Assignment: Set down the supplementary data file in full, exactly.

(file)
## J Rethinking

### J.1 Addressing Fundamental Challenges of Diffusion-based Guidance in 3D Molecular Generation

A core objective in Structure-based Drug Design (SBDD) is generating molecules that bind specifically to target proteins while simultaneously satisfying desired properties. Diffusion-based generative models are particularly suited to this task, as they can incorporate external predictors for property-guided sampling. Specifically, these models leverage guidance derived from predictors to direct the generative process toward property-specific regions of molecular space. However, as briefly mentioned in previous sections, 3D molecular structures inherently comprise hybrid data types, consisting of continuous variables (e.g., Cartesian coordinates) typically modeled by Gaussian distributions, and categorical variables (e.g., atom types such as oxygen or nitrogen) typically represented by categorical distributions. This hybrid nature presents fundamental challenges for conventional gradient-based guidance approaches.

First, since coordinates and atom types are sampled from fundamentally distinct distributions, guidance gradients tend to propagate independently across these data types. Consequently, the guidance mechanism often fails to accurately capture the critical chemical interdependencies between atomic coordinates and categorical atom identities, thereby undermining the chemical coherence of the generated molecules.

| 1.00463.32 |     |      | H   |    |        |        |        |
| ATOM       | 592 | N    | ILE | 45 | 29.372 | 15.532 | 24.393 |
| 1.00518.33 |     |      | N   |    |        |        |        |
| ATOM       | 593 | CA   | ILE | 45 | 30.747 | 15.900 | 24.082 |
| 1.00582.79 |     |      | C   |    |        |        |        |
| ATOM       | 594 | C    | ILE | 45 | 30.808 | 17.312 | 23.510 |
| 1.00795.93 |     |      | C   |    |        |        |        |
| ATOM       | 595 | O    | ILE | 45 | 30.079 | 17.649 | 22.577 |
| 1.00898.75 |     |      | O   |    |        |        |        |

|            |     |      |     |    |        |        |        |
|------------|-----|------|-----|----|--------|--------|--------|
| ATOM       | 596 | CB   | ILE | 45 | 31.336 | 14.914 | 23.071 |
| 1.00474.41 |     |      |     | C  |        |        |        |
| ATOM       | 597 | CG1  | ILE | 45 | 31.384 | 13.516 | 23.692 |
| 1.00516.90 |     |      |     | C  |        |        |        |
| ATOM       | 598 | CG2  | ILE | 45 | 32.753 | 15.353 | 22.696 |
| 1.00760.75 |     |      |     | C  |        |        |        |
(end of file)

## J Rethinking

### J.1 Addressing Fundamental Challenges of Diffusion-based Guidance in 3D Molecular Generation

A core objective in Structure-based Drug Design (SBDD) is generating molecules that bind specifically to target proteins while simultaneously satisfying desired properties. Diffusion-based generative models are particularly suited to this task, as they can incorporate external predictors for property-guided sampling. Specifically, these models leverage guidance derived from predictors to direct the generative process toward property-specific regions of molecular space. However, as briefly mentioned in previous sections, 3D molecular structures inherently comprise hybrid data types, consisting of continuous variables (e.g., Cartesian coordinates) typically modeled by Gaussian distributions, and categorical variables (e.g., atom types such as oxygen or nitrogen) typically represented by categorical distributions. This hybrid nature presents fundamental challenges for conventional gradient-based guidance approaches.

First, since coordinates and atom types are sampled from fundamentally distinct distributions, guidance gradients tend to propagate independently across these data types. Consequently, the guidance mechanism often fails to accurately capture the critical chemical interdependencies between atomic coordinates and categorical atom identities, thereby undermining the chemical coherence of the generated molecules.

| 1.00463.32 |     |      | H   |    |        |        |        |
| ATOM       | 592 | N    | ILE | 45 | 29.372 | 15.532 | 24.393 |
| 1.00518.33 |     |      | N   |    |        |        |        |
| ATOM       | 593 | CA   | ILE | 45 | 30.747 | 15.900 | 24.082 |
| 1.00582.79 |     |      | C   |    |        |        |        |
| ATOM       | 594 | C    | ILE | 45 | 30.808 | 17.312 | 23.510 |
| 1.00795.93 |     |      | C   |    |        |        |        |
| ATOM       | 595 | O    | ILE | 45 | 30.079 | 17.649 | 22.577 |
| 1.00898.75 |     |      | O   |    |        |        |        |

|            |     |      |     |    |        |        |        |
|------------|-----|------|-----|----|--------|--------|--------|
| ATOM       | 596 | CB   | ILE | 45 | 31.336 | 14.914 | 23.071 |
| 1.00474.41 |     |      |     | C  |        |        |        |
| ATOM       | 597 | CG1  | ILE | 45 | 31.384 | 13.516 | 23.692 |
| 1.00516.90 |     |      |     | C  |        |        |        |
| ATOM       | 598 | CG2  | ILE | 45 | 32.753 | 15.353 | 22.696 |
| 1.00760.75 |     |      |     | C  |        |        |        |